included as part of the life-system before the laws of thermodynamics can be
applied to life. As it happens, the sun’s entropy rises steadily by an amount that far
outstrips any entropy-decrease that can be brought about by life. The net change in
entropy of the system that includes life and the sun is therefore a pronounced and
continuing rise. The vast entropy-decrease represented by biological evolution, then
is only a ripple in the tidal wave of entropy-increase represented by the sun…”
Yes, what is so unusual about extinction of evolved physical patterns? Evolution is a result of natural selection, and 95 % of all living things are now extinct. This principle holds for all things which are not constants, but which are subject to evolutionary processes, including natural selection.
Now we are off-topic in this forum…!!!
You asked of what I was certain, so I told you. Which you call off topic.
The OP simply assumes the truth of premise that there is no difference between religious faith and the more ordinary kind that one uses, for instance, to trust scientists when they say that a scientific law is true.
They’re not at all the same, of course, but I admit that this does not fit with the new tenor of this thread about listening to people.
The OP simply assumes the truth of premise that there is no difference between religious faith and the more ordinary kind that one uses, for instance, to trust scientists when they say that a scientific law is true.The OP asks about "faith in science", which is very different from "faith in the bible".
Faith (trust) in science is based on evidence and ability to produce repetitive results in accordance with the scientific method… i.e. “proof”
OTOH, faith in the bible is not supported by evidence and cannot be repeated in accordance with any logical method. i.e. “faith”
2. strong belief in God or in the doctrines of a religion, based on spiritual apprehension rather than proof. Oxford dictionary.Religion is not considered science, it's mythology.
How about the concept of Faith in Honesty?
Religion is not considered science, it’s mythology.Why would that be?
Well, for one science is based on observing our physical world.
… Religion is based on the thoughts you produce in your head.
Science demands sound facts and constructive arguments.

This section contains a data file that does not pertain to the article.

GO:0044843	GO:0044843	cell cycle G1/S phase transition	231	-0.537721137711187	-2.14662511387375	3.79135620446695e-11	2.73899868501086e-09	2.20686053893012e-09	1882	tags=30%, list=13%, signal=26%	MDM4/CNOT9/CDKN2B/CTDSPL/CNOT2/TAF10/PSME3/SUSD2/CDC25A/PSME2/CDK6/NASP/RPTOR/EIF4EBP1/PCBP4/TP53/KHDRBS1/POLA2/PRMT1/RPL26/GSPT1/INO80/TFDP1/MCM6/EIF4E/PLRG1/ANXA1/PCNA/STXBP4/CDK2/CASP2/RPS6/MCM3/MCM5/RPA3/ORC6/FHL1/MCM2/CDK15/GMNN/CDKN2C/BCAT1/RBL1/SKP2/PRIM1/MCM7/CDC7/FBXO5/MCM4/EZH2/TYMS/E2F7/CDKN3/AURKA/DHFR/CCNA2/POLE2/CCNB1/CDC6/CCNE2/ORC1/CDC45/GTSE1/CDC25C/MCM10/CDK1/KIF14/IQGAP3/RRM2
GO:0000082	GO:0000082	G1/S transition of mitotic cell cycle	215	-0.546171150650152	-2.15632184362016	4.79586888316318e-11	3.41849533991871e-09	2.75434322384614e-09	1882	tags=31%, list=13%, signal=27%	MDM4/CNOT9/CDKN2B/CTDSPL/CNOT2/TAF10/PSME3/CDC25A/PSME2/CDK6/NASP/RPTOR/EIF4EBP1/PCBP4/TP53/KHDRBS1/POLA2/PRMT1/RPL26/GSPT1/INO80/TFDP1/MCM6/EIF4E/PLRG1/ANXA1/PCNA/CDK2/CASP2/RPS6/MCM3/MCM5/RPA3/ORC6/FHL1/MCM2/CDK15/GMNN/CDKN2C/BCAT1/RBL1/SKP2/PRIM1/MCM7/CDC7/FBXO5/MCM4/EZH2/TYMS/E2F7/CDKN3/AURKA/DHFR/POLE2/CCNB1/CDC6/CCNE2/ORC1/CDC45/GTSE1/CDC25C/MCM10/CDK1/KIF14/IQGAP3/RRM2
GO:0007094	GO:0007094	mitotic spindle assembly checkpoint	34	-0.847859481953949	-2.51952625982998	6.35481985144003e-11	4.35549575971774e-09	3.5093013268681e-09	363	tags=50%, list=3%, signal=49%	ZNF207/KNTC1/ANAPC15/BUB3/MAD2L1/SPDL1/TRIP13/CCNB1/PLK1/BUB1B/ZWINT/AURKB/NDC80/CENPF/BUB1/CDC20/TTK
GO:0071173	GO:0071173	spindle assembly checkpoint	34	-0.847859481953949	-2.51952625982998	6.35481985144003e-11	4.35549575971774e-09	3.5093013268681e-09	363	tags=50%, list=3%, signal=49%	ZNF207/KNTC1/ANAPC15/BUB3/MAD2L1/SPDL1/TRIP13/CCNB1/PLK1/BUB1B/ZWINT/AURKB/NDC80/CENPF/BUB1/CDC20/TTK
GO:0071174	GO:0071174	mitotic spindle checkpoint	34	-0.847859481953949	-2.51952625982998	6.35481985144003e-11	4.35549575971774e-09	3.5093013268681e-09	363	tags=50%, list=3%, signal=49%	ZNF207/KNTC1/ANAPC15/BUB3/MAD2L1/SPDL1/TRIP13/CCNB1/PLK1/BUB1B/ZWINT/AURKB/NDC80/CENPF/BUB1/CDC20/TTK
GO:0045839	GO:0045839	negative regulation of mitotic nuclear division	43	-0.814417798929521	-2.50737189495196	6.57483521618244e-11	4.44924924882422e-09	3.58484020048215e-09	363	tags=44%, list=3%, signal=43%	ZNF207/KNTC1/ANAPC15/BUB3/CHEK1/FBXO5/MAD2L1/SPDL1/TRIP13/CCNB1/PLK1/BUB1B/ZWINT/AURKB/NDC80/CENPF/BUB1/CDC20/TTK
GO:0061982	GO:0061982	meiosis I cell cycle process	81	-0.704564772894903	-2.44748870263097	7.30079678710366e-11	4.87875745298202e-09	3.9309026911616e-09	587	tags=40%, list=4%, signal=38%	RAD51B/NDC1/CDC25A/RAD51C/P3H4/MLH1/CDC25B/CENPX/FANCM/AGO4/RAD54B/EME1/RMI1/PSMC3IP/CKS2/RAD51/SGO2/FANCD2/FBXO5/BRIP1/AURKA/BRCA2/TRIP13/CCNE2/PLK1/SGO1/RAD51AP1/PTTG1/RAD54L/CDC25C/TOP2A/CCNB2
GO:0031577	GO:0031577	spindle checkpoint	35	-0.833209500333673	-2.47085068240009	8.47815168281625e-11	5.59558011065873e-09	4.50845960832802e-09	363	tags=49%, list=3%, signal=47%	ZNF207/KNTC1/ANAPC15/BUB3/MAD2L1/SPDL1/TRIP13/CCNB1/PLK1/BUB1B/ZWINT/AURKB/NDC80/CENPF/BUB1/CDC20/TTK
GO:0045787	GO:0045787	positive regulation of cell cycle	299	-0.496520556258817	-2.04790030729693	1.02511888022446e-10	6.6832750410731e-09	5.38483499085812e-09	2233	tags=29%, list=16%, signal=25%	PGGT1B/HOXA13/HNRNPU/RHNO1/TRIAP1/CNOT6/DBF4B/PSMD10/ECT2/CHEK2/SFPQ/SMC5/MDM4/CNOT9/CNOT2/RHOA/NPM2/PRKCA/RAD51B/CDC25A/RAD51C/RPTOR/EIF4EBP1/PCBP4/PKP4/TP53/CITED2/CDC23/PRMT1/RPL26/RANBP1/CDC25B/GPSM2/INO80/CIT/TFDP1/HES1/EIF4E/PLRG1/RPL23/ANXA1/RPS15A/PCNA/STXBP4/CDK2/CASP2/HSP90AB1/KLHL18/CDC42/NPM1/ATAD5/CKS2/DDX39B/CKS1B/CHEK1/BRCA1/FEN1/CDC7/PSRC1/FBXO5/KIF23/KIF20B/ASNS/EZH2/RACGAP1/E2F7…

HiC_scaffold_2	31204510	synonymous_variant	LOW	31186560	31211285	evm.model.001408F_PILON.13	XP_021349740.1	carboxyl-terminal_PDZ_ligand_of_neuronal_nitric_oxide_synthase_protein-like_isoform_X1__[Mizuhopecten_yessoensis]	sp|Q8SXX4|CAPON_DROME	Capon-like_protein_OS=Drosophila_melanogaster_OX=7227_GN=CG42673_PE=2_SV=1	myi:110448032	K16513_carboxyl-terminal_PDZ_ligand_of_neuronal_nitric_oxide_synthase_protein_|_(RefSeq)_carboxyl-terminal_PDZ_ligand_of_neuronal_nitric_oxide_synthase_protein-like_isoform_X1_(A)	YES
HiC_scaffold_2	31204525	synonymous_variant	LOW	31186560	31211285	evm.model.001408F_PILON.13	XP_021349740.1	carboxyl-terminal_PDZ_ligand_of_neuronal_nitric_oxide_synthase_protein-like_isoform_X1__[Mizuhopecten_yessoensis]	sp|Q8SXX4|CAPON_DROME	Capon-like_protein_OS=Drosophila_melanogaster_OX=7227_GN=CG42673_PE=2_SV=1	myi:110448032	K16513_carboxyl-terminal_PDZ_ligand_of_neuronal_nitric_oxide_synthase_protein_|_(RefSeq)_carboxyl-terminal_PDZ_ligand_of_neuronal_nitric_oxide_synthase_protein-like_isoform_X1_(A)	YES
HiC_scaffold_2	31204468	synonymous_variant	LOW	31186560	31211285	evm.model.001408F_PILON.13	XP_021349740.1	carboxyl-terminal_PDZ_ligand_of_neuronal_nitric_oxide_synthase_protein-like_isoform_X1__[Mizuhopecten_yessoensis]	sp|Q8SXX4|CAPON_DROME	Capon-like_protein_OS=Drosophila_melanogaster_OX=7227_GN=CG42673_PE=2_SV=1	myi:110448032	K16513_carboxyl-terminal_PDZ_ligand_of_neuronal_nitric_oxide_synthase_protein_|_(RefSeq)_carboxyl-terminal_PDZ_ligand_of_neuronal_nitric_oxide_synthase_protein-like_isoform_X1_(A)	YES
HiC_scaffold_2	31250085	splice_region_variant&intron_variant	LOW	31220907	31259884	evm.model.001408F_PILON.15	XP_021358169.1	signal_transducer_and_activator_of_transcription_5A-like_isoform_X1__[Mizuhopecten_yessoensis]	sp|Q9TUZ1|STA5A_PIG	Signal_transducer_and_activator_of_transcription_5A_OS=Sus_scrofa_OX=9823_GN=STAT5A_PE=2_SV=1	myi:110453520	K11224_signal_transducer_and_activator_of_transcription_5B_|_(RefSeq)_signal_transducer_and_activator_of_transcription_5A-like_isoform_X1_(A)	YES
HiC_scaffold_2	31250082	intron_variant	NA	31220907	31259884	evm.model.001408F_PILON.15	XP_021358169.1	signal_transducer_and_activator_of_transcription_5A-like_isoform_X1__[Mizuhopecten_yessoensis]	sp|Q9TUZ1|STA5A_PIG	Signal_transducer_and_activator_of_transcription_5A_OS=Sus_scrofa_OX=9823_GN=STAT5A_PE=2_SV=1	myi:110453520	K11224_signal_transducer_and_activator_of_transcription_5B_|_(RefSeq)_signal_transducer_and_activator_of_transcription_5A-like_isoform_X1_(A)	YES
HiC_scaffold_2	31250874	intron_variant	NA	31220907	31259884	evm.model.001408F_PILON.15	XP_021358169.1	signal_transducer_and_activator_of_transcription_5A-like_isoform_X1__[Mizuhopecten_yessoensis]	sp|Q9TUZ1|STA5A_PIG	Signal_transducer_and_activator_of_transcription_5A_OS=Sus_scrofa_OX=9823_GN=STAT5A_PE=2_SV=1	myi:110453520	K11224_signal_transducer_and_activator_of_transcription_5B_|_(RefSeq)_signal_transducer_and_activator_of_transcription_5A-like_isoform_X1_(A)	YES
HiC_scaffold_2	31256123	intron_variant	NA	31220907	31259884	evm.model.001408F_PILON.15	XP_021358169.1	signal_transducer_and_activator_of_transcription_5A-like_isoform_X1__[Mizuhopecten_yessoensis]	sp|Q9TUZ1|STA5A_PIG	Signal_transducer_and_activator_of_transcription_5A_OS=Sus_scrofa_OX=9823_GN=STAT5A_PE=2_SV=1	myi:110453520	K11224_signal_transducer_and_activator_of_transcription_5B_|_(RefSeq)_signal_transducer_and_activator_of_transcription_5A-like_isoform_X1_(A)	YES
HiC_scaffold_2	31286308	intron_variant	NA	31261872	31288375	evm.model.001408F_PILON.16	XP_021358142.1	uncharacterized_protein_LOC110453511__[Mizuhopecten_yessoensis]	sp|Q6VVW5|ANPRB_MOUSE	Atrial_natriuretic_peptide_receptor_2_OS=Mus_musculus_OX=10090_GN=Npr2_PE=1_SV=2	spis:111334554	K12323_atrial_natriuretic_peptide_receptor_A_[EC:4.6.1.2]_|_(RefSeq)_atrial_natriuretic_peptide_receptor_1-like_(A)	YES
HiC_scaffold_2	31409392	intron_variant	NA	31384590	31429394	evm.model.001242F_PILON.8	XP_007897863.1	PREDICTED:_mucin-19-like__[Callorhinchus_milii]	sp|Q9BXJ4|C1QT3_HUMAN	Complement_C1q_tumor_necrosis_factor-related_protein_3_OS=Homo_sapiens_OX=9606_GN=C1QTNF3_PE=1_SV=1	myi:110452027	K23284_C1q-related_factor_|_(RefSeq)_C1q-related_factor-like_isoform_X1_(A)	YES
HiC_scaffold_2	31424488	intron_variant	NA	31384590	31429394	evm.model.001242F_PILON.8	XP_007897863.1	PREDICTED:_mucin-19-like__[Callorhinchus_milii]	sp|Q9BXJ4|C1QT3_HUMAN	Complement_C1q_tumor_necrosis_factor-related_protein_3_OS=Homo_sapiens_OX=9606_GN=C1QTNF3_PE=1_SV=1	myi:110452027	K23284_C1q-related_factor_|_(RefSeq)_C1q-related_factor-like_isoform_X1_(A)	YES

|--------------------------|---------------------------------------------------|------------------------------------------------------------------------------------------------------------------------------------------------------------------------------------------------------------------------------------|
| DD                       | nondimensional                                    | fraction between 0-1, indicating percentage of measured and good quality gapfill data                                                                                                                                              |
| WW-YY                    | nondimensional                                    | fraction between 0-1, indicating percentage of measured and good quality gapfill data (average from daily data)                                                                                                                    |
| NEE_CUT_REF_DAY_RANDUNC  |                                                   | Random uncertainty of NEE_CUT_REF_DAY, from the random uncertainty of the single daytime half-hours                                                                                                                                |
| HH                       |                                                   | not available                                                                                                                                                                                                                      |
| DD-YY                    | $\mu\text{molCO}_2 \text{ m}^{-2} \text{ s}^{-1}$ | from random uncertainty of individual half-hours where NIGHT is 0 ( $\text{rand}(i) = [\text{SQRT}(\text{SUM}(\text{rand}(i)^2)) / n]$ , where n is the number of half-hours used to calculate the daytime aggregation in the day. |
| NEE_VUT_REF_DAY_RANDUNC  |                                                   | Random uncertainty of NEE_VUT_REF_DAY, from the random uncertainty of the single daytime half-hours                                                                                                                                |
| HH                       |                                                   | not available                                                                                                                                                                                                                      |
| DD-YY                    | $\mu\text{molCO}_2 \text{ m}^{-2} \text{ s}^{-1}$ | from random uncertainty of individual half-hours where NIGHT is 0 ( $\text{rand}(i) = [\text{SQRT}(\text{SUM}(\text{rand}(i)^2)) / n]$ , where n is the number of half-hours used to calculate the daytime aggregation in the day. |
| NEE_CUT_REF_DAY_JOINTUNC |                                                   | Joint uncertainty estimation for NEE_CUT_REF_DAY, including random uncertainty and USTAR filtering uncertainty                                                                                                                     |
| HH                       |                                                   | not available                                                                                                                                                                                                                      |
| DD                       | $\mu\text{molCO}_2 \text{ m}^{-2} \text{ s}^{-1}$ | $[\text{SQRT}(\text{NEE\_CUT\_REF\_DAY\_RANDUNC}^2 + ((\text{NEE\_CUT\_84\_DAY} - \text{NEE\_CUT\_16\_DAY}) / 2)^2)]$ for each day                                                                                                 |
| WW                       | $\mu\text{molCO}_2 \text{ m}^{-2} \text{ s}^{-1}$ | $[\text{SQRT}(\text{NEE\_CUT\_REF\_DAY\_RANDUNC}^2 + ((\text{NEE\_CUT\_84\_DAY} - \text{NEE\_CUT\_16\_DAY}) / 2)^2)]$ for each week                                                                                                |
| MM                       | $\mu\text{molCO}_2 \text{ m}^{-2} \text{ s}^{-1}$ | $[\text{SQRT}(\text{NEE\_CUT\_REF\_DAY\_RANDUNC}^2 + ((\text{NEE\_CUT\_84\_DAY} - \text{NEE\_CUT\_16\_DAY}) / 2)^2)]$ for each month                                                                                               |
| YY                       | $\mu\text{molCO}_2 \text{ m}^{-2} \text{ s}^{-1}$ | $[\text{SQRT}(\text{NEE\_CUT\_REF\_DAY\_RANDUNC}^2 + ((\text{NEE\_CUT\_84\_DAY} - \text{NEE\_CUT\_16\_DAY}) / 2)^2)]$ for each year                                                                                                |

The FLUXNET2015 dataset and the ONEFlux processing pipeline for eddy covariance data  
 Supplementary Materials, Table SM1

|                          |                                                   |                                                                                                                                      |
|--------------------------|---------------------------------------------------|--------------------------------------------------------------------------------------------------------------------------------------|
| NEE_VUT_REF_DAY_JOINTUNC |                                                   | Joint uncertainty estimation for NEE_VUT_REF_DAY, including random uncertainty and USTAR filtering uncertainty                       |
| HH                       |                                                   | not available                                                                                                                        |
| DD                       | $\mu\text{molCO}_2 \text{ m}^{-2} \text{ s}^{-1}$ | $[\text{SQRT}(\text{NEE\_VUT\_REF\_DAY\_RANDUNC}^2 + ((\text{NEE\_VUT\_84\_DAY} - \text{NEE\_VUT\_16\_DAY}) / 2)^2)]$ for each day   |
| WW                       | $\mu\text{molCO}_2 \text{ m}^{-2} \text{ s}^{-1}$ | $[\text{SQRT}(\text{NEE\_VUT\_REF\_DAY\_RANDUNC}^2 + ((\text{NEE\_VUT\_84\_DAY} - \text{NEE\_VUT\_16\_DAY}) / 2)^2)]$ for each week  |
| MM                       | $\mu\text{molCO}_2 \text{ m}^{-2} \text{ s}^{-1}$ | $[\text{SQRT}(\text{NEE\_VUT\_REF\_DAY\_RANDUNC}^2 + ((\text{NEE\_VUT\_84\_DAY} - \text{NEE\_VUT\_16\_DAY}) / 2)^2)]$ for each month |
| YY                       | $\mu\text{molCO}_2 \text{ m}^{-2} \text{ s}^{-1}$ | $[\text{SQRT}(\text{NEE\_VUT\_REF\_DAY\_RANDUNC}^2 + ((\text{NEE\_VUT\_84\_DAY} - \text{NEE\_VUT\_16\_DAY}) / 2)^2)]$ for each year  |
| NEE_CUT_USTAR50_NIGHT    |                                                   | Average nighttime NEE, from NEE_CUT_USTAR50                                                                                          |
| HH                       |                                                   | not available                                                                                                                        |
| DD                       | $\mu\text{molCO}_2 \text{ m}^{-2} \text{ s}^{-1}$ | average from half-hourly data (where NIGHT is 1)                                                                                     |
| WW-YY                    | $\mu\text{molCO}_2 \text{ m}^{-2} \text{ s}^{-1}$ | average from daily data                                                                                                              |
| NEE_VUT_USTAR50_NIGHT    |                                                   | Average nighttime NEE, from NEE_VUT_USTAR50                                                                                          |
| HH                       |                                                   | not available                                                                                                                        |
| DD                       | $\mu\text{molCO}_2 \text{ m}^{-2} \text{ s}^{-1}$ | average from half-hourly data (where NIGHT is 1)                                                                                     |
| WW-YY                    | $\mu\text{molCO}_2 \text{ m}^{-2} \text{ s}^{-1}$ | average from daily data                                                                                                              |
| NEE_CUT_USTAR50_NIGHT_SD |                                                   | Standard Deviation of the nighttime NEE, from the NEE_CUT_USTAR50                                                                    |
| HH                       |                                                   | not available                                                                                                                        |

… Religion demands blind faith in whatever dogma you’ve chosen.
Science is dynamic and it grows as we gather more evidence and understanding.
… Religion is stale, without change, and possess a grotesque disregard for Earth and the world beyond one’s ‘faith.’
Science is open to all qualified information and allows facts to direction our provisional “faith” in one claim or other.
Such as I have extreme faith in the sun rising tomorrow morning, though I’m incapable of proving it to you.
… Religion is full of rejecting everything outside of it’s dogma, no matter how obvious and undeniable the facts staring us in the face are.
and so on and so forth.
Faith is about spirituality and the afterlife you don’t look for science answers there. Science is how man has come to understand the environment around him. Really the only problem between science and religion is the Book of Genesis. How else do they come in conflict I’m not seeing it.
Because the Book o Genesis is not based on evidence, whereas Science is and therefore is replacing a lot of mythology in the Book of Genesis with demonstrable Truth.
And sometimes, truth hurts…
As long as faith NEVER pretends to know anything that science doesn’t. As long as faith NEVER pretends that it is science’s equal, that it’s a 50:50 split. It’s a 0:100 faith : science-scientism-rationality split using sense data, evidence, reasoning. Faith as the substance of things hoped, yearned for, desired is OK, that makes it 100:100 with scientific rationalism / metaphysical, ontological, philosophical naturalism. As long as the twain never meet. Except of course in feeding back the latter in to the former in the moral nature of God.
madman was here for two days. youramdiamond, I don’t remember anything about them.
My thought, religion will become more like philosophy. One of my favorite Richard Carrier talks is the one where he describes where philosophy fits in the wheel of knowledge, science, politics and other named disciplines. Philosophy is only worthwhile when it delineates its conclusions from those based on data and evidence. If you conclude based on scientific methods, then its science. If don’t have the data, but you need to decide, as in choices about punishment, war, abortion, and all the other “trolley problems”, then its philosophy.
He also mentions, if you are making conclusions without data and evidence, or much logic, and not calling it philosophy, then you are doing religion.